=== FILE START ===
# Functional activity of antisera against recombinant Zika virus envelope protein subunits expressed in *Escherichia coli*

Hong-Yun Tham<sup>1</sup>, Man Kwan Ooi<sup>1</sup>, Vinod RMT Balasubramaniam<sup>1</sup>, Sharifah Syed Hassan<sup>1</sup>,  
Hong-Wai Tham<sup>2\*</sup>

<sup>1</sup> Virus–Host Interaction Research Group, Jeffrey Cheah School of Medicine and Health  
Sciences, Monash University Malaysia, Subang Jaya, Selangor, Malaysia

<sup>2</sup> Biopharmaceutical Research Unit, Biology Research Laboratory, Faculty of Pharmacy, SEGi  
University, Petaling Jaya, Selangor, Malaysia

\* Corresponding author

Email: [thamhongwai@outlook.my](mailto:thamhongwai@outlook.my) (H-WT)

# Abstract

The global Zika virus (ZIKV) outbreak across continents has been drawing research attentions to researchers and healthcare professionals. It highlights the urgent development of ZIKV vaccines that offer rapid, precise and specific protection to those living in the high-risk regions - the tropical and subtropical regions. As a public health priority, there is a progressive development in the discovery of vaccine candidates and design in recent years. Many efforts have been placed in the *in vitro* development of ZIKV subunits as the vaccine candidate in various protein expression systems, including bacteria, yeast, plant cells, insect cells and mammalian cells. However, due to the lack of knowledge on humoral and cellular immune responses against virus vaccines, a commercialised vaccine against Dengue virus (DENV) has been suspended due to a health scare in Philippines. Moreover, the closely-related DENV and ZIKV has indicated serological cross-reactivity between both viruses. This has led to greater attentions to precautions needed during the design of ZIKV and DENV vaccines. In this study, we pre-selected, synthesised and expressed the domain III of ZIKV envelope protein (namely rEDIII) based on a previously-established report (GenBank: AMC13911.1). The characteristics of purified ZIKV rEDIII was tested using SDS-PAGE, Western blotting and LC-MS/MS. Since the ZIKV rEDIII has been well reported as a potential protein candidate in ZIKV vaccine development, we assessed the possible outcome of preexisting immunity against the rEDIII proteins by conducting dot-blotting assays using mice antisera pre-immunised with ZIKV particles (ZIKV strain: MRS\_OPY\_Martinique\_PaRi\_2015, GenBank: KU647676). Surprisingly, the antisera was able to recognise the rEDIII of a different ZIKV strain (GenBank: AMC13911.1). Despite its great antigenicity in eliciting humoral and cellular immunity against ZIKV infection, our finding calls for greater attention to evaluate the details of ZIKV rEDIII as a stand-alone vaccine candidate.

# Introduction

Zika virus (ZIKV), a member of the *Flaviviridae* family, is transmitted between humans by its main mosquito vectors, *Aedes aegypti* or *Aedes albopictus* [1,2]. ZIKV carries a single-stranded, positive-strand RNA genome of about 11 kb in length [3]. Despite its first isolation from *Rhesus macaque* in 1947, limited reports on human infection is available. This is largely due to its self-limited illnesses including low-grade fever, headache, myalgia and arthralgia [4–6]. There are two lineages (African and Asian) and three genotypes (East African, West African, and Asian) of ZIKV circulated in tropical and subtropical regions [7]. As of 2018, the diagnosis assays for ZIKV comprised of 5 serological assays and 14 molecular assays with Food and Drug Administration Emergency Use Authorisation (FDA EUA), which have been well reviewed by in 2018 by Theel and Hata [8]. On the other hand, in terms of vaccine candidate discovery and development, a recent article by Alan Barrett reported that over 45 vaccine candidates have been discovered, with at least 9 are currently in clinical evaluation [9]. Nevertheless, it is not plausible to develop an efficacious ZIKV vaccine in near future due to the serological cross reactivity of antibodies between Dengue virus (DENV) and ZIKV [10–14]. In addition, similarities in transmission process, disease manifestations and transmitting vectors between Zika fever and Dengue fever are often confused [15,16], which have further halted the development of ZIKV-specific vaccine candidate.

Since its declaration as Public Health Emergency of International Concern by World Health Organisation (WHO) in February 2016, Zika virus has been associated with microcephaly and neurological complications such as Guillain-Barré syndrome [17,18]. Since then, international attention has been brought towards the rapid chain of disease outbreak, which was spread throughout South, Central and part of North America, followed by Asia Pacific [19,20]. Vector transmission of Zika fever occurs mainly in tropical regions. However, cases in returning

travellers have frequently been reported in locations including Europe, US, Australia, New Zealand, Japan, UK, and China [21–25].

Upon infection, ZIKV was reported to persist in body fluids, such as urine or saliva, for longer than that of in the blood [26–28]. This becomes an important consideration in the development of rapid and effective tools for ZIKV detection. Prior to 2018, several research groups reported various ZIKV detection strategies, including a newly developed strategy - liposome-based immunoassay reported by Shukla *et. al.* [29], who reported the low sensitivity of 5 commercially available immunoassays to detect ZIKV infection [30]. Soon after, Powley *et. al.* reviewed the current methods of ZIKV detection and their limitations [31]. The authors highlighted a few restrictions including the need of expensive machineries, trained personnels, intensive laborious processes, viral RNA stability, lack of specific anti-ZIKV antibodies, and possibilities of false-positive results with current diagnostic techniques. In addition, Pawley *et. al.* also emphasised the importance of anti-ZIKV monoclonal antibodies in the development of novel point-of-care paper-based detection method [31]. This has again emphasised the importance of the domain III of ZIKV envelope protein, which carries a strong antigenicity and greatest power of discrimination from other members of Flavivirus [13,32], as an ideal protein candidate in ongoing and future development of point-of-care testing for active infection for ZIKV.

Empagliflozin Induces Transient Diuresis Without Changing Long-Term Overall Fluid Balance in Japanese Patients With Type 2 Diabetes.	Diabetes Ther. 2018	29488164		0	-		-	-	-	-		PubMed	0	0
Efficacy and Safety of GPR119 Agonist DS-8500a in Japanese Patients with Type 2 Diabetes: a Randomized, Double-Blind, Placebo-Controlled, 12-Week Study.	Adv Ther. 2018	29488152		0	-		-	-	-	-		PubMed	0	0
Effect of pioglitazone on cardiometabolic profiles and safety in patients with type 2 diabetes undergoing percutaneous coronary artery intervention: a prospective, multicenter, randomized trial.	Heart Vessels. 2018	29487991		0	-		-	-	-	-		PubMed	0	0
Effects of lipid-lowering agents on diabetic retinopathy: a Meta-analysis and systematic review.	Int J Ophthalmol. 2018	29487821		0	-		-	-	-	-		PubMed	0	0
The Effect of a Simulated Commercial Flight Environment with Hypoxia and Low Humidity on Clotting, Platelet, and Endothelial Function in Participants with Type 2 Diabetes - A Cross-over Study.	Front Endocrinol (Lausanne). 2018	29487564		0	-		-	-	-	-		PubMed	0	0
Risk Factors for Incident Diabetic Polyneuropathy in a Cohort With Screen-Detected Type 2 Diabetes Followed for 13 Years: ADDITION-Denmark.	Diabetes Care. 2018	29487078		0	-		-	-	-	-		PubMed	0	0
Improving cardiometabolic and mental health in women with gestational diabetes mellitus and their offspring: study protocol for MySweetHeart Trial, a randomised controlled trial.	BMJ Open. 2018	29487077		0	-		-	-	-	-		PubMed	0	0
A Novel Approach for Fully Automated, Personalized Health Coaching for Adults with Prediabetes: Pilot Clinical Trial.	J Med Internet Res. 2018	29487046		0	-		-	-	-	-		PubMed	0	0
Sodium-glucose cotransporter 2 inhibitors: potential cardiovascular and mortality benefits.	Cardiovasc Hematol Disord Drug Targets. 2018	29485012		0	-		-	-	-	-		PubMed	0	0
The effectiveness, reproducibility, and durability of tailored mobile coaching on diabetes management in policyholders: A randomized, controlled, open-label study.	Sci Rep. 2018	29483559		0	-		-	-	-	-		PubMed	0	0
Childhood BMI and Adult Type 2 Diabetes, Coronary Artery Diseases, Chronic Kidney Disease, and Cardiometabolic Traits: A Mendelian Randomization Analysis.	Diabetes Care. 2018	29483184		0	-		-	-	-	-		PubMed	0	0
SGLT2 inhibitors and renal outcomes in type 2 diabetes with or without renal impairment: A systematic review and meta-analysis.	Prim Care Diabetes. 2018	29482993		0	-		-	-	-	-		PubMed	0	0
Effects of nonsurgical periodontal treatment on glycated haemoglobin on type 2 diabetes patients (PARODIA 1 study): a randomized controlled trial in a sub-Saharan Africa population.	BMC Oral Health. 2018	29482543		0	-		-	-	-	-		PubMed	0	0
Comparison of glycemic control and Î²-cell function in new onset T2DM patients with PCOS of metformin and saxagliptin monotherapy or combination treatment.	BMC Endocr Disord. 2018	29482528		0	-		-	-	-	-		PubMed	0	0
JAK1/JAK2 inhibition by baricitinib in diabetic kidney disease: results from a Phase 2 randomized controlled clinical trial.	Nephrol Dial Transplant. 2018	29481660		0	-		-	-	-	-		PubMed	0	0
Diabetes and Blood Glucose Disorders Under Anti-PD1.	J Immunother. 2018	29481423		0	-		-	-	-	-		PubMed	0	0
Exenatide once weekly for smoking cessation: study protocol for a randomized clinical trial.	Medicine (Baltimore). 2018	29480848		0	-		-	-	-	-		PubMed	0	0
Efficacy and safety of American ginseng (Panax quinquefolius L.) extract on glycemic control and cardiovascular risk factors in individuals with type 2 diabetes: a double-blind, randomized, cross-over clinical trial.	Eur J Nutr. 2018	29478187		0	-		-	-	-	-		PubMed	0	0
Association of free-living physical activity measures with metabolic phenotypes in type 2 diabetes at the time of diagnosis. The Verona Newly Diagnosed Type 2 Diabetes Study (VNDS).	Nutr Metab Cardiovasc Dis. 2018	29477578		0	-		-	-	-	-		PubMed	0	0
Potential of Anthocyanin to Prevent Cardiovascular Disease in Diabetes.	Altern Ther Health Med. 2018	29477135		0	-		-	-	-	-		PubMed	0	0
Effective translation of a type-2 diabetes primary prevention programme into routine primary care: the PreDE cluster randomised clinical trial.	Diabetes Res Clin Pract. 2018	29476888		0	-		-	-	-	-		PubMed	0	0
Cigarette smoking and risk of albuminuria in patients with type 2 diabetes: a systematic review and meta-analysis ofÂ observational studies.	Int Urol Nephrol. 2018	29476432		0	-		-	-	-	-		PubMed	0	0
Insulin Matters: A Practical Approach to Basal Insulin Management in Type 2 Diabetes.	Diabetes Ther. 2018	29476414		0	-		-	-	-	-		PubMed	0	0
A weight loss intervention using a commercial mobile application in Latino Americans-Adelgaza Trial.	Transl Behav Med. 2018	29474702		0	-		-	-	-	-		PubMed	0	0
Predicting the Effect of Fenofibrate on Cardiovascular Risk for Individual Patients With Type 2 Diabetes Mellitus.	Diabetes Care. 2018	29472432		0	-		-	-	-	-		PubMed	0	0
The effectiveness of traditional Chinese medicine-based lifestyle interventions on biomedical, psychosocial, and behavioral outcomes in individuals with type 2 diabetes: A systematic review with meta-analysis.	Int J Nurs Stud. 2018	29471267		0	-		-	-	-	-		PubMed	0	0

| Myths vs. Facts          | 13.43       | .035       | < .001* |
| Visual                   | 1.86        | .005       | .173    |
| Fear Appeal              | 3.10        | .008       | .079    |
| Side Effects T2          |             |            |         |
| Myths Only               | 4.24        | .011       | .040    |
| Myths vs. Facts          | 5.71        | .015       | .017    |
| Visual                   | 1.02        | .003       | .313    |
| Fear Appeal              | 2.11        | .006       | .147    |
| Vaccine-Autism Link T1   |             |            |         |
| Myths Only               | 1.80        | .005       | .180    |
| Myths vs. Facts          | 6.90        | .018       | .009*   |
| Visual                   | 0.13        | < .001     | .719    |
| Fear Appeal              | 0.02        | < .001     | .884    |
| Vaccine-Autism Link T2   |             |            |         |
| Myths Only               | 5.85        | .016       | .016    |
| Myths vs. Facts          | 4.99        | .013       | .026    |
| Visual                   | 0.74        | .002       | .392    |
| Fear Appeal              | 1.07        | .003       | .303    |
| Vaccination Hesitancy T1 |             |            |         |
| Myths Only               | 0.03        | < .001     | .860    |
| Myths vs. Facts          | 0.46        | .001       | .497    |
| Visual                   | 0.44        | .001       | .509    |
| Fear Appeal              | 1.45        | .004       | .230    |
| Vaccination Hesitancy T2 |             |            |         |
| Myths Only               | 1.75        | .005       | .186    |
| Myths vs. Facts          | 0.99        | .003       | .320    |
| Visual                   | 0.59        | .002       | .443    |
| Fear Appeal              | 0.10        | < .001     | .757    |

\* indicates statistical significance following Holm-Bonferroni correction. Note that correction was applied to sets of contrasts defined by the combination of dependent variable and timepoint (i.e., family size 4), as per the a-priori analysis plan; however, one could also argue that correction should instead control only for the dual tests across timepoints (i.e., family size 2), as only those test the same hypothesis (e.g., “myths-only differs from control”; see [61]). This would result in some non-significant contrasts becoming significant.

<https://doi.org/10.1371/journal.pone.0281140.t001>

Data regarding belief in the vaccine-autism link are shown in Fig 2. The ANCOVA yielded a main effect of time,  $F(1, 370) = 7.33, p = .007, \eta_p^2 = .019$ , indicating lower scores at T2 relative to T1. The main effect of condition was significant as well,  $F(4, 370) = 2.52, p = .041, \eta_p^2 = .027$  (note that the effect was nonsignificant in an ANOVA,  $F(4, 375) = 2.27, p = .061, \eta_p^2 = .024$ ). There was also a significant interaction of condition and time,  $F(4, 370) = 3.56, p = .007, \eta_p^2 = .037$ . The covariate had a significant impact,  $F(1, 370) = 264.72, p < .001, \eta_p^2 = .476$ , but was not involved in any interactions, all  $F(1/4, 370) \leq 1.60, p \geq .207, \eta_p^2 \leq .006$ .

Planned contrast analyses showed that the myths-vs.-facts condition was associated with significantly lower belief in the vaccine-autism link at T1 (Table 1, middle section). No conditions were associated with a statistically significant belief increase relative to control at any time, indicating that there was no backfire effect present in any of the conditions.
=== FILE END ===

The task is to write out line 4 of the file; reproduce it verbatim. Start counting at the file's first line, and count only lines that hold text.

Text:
<sup>1</sup> Virus–Host Interaction Research Group, Jeffrey Cheah School of Medicine and Health  